JC: The interaction with the customers, media, and people I meet during my travels is one of my favorite parts of my job. Learning what each market likes and how they respond to the product helps us plan for additional growth.

LPA: What advice would you give to someone hoping for a career on the business side of fashion? Would you recommend studying a specific degree such as Fashion Management or do you feel its more useful to gain hands on experience through internships?

JC: Going to school and studying what you love is very important. Chances are whatever subject that is, you will apply it in your career – so hone those skills. Whether English, or business, psychology, design – these are all used in various departments. After the school year ends and during the summers it is important to gain hands-on experiences in the industry you are interested in pursuing a career. It gives you direct awareness of how the business works and prepares you for future opportunities.

Love Ella. X

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5 Minutes With: Antipodium’s Geoffrey J Finch

It’s been absolutely ages since I last posted an interview so I’m very happy to be bringing “5 Minutes With” back with a bang! If you spotted last seasons London Fashion Week coverage you no doubt heard me wax lyrical about the wonders of Antipodium. The brand’s AW13 collection, “Sex, Lies and CCTV” was a favourite out of everything I saw in New York and back home in Blighty. PVC skater dresses with Peter Pan collars, acid hued tweed, velvet twinsets in off-colour combos, walking the fine line between Princess and punk… It was a dream.


Antipodium AW13

With just a couple of weeks until their SS14 show, I caught up with Antipodium’s Creative Director, Geoffrey J Finch… Enjoy!

LPA: What was your first job in fashion and how did you get it?

GJF: After a year on exchange in France I returned to Australia to scrounge cash to get to London. I tried desperately to get a job in retail but failed miserably. Ironically a job telemarketing photocopiers got me an in at a shop. The shop happened to be owned by some crazy fashion wholesalers who gave me a trial in the showroom. I was there for 3 years. It turned out that I was quite the salesman.

LPA: I was very interested to learn that you never really had any formal design training. Do you think this gives you a different approach to a designer who studied, say, BA Womenswear at Central Saint Martins?

GJF: I learnt just about everything on the shopfloor and in the showroom – and my mum was a dressmaker. I guess it’s given me a rather pragmatic approach to fashion. The consumer – let alone my mother – is an incredible and rather strict teacher.

LPA: Having been in the industry for some years now, you must have your fair share of stories. What has been your most fabulous fashion moment?

GJF: Liberty was the very first customer to place an order with us. I’ll always remember it coming through. I was 23 and had hair.

LPA: Antipodium was originally set up as a boutique PR and wholesale agency representing Antipodean brands. What prompted the launch of your own label in 2006? Was that always the ultimate plan?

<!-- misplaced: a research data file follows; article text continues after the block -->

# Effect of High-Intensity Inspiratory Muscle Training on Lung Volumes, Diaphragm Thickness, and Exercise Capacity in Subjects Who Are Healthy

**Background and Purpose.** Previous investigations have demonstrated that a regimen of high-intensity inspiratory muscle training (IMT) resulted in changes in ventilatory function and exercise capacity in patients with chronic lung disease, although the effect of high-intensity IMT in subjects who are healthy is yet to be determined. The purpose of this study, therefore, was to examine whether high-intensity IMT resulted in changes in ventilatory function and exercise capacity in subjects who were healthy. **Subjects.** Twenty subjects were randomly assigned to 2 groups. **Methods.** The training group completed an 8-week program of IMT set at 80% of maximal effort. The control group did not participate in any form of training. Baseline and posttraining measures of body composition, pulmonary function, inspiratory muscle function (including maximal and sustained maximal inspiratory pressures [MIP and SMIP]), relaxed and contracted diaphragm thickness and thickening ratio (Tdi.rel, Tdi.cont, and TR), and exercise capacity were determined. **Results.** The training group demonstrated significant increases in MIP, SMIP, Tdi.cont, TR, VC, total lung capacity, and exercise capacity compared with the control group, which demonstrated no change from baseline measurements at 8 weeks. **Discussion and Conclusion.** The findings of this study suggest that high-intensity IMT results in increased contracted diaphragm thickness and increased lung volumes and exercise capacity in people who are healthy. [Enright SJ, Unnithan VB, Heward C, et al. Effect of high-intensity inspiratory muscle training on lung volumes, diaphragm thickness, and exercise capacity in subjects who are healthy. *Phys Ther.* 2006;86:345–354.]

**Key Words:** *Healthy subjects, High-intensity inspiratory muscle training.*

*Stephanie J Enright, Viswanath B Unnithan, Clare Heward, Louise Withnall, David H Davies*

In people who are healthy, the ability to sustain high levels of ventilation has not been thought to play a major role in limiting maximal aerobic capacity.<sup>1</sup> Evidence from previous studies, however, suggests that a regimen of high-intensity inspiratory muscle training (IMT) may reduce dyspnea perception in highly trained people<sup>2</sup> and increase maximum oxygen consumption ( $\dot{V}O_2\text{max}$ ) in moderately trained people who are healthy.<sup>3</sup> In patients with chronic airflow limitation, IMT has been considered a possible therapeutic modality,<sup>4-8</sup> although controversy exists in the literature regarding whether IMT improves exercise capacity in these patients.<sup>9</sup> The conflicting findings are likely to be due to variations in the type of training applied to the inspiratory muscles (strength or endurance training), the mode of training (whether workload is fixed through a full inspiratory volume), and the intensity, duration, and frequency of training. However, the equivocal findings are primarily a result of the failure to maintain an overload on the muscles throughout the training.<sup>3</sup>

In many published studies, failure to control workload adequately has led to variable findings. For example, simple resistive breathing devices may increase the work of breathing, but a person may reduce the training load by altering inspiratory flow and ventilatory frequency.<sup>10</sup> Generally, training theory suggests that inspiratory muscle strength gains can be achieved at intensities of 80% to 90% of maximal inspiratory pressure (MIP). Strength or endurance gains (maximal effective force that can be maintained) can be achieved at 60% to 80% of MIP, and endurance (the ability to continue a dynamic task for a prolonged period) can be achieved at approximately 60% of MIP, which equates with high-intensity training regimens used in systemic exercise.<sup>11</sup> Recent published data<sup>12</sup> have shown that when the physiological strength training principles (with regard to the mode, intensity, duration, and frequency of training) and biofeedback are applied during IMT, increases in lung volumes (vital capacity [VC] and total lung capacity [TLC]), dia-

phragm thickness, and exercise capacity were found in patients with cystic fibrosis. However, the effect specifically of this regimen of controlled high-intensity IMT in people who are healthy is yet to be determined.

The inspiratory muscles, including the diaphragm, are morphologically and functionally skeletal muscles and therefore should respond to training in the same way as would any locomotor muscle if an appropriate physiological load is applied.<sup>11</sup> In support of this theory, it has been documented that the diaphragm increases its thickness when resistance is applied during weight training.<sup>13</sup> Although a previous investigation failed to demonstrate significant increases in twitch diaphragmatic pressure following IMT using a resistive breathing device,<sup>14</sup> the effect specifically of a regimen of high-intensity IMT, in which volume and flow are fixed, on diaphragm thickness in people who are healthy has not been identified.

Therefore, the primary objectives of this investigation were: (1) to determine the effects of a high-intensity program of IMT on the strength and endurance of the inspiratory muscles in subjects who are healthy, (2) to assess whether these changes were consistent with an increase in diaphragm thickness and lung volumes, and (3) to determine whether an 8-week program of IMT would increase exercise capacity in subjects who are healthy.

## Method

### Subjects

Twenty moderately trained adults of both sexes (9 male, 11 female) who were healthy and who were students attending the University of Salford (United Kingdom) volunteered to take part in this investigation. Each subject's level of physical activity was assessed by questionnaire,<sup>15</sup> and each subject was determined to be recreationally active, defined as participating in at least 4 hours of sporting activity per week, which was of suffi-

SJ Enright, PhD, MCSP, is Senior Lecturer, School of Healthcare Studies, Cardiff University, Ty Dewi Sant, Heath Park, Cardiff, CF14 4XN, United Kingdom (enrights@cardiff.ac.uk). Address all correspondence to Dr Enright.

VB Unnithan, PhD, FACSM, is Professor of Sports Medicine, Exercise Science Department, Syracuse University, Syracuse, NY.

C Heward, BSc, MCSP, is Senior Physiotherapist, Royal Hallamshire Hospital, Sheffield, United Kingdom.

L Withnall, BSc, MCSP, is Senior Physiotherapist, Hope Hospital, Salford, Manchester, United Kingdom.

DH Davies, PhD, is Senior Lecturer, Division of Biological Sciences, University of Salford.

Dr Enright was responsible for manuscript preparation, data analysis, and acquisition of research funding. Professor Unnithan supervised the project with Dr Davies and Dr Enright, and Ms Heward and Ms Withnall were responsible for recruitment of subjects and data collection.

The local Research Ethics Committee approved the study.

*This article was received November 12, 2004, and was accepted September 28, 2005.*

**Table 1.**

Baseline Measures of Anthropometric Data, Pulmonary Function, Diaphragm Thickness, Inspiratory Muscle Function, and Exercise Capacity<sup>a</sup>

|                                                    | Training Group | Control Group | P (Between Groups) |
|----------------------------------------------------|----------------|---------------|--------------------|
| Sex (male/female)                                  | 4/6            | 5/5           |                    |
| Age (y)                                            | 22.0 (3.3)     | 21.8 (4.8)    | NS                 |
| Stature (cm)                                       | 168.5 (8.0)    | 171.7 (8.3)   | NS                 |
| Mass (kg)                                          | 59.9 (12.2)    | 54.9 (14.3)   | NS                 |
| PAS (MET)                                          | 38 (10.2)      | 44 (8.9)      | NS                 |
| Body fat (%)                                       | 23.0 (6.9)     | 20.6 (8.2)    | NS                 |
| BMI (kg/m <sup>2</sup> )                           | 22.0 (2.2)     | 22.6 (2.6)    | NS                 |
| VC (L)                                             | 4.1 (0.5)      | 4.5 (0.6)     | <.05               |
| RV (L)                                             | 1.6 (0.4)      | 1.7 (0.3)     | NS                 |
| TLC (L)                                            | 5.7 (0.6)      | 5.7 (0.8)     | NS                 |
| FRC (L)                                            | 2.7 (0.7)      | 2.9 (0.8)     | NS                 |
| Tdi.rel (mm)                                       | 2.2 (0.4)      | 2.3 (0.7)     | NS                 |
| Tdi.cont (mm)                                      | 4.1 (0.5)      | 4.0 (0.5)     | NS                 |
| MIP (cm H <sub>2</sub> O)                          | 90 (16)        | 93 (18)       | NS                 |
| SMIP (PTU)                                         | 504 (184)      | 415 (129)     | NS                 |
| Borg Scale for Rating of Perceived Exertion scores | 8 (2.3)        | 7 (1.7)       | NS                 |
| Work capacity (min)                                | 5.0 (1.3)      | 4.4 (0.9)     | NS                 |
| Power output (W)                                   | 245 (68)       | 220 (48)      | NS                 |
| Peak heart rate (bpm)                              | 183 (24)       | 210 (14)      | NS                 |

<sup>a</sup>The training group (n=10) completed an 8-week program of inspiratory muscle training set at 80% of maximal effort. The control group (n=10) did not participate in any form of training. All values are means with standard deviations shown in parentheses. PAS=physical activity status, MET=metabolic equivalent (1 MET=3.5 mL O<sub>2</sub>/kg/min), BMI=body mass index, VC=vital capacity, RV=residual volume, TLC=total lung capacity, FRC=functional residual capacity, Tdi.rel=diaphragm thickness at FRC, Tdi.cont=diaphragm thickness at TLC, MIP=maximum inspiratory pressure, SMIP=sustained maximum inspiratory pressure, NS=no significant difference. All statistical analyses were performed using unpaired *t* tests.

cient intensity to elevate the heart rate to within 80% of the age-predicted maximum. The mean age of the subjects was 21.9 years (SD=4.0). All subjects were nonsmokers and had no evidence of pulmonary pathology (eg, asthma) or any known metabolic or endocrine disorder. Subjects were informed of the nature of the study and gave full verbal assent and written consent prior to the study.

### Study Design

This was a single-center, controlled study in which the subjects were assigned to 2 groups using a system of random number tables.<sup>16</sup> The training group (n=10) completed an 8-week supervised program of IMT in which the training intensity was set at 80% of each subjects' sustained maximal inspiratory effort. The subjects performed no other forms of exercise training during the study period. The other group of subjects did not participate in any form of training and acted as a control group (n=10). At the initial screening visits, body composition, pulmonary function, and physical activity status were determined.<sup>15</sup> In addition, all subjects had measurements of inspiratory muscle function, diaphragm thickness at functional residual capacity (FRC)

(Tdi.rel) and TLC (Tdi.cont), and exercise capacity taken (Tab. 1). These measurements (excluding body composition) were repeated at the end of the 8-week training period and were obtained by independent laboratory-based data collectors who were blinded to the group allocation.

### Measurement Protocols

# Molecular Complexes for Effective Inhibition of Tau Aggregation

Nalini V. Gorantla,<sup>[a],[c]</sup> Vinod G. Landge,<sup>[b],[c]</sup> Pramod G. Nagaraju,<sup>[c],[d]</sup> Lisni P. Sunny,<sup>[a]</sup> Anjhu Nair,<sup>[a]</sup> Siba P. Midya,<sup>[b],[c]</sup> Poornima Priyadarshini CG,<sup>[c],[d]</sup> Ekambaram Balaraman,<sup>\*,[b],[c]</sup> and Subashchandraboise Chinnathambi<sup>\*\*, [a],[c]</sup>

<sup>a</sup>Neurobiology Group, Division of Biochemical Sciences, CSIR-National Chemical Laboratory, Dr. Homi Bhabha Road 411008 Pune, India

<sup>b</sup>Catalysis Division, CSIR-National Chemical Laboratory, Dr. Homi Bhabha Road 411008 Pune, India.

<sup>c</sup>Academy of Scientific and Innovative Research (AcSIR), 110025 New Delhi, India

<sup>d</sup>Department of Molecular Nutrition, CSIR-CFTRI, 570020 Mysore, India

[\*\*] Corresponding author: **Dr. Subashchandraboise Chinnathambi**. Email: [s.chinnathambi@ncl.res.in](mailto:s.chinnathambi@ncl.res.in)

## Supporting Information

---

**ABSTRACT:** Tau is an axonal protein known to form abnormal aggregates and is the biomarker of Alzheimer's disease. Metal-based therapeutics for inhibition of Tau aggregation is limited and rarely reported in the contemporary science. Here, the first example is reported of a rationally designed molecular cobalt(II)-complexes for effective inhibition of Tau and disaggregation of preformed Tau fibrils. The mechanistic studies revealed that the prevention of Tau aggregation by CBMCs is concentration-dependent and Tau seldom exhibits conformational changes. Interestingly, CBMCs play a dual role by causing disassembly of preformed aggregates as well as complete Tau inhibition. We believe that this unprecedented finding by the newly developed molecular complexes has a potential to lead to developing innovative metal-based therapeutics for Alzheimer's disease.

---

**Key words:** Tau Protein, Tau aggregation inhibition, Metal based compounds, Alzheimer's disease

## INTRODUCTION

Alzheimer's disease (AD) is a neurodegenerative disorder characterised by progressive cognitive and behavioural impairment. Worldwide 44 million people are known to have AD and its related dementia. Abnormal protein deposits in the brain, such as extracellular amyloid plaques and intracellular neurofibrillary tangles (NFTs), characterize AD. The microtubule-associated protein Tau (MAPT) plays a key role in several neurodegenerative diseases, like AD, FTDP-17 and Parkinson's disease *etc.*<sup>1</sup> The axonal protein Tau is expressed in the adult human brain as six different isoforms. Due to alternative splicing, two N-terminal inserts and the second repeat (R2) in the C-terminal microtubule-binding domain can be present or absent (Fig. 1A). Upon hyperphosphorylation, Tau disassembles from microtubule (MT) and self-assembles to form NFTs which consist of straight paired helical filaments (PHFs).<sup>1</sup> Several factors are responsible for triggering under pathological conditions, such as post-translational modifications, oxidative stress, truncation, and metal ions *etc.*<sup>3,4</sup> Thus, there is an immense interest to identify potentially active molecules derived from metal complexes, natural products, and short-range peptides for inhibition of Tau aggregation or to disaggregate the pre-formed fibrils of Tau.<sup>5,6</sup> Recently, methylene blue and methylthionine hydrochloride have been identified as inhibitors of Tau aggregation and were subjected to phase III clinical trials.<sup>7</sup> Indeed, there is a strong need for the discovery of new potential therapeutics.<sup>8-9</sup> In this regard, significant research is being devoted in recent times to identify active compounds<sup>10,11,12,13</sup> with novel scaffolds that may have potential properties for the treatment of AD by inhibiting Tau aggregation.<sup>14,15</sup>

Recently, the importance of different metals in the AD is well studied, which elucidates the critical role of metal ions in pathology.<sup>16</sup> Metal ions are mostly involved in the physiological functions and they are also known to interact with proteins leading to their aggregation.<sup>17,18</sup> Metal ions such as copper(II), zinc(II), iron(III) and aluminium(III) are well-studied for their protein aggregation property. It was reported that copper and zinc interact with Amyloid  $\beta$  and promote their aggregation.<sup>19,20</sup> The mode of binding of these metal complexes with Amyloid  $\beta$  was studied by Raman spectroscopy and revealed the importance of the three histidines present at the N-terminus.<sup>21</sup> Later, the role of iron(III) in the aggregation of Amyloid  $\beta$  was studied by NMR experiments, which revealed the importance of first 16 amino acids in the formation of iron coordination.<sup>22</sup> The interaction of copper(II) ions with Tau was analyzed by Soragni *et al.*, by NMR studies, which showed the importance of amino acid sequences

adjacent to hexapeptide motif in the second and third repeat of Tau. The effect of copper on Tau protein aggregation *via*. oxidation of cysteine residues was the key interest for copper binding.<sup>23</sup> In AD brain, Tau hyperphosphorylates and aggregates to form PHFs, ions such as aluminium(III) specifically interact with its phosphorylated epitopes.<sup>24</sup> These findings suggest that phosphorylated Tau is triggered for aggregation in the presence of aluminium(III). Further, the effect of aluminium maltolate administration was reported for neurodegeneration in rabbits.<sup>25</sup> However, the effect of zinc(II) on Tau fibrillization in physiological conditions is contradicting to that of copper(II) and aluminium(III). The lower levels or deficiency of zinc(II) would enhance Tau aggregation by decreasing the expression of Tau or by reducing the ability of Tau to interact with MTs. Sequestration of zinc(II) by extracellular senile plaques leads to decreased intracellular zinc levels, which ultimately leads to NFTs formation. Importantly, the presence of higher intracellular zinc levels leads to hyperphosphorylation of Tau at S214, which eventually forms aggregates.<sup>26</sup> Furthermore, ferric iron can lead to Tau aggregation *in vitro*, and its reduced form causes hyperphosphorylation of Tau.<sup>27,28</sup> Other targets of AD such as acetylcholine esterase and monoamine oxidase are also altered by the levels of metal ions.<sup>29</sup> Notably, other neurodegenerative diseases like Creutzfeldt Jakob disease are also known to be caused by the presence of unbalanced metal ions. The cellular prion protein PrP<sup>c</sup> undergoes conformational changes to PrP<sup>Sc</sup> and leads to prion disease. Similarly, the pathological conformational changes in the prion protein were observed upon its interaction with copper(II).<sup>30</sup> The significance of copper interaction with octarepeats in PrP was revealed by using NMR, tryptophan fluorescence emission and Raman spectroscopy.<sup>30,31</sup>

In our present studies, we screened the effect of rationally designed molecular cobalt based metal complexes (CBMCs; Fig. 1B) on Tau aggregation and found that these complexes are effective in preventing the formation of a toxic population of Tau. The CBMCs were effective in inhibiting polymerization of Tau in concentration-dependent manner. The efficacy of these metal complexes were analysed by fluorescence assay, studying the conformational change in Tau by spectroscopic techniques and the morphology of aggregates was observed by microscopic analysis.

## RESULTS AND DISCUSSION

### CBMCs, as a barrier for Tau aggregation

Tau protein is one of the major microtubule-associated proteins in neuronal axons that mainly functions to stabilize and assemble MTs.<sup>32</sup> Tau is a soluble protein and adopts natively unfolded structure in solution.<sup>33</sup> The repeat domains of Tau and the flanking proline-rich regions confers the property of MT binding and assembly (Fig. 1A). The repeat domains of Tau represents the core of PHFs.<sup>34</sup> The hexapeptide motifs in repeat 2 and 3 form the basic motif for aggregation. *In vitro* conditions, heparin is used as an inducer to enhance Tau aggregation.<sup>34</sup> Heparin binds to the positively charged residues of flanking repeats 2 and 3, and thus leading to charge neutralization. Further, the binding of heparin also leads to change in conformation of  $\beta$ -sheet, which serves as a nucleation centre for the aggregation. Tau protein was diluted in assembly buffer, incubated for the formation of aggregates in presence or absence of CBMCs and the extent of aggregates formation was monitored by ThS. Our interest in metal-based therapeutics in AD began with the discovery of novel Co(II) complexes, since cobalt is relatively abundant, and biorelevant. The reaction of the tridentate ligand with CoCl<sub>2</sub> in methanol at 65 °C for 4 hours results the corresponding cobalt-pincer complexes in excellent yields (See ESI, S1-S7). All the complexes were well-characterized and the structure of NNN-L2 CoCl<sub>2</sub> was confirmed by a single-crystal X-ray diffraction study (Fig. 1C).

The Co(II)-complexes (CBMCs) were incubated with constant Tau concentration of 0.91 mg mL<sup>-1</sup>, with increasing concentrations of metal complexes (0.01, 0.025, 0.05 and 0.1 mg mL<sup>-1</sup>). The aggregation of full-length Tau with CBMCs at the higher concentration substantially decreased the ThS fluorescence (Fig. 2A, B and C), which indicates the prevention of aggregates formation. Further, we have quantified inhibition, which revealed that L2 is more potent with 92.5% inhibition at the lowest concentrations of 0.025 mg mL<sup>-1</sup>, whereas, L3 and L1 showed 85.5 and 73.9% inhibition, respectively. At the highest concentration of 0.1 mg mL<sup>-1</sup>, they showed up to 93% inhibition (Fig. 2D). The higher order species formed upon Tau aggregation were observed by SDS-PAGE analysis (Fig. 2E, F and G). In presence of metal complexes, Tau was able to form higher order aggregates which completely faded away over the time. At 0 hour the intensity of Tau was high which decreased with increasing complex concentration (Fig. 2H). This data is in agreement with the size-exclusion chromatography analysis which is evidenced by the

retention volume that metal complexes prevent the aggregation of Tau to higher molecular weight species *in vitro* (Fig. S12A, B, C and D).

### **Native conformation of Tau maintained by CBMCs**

GJF: It was more of a happy accident! Through the shop and agency we noticed a gap in the market for design-led wardrobe staples. We made up a few bits for the shop, Vogue and Liberty came across them and encouraged us to expand these into a collection. It would have been rude not to!

LPA: Given how hugely successful the label has been, I can imagine that aspect of the business has kept you very busy for the past 7 years. Has Antipodium continued representing and promoting other Antipodean brands too? If so, how do you and Ashe balance it all?

GJF: After we closed sales on our second season we were in a bit of a spot. Suddenly we had a rather big whack of orders to contend with and so we decided to close the shop and agency and focus our energies on the label. It’s been really satisfying returning to retail with I’m a shop girl at heart.

LPA: One of the things I love the most about Antipodium is the element of humour that comes across in your designs. Why do you feel this has become such a key aspect of the Antipodium aesthetic? Do you think that fashion can sometimes be at risk of taking itself a bit too seriously?

GJF: I guess that’s a reflection of our collective approach to life – and it’s such a luxury to perhaps improve someone’s day. It seems to sell too. Phew!

LPA: Your AW13 collection, “Sex, Lies and CCTV” was one of my absolute favourites during fashion week this season. What was it that particularly inspired you about that theme?

GJF: Between social media, security cameras, sex tapes and phone hacking; there ain’t much that’s private anymore. We’re all very much under surveillance – and maybe we’re enjoying that? I guess I wanted to create a wardrobe for life on camera – and I got to reference Sharon Stone in Sliver.

LPA: Who would you be most surprised to see wearing Antipodium?

GJF: Sharon Stone.

LPA: Your latest collection featured some fantastic PVC pieces and it also appeared on the catwalk everywhere from Burberry to Jonathan Saunders. Any thoughts on why PVC is so hot for AW13? And more importantly, any tips for wearing it?

GJF: It seems to be particularly about texture this season. PVC clashes so perfectly with mohair and velour – not to mention faux pony. It’s all so wrong but right. The kink factor is irresistible but must be balanced with demure shapes – high necklines and below the knee skirts – and knowing plays on colour. And, you’ll never have to worry about someone spilling a pint on you. Let the good times roll.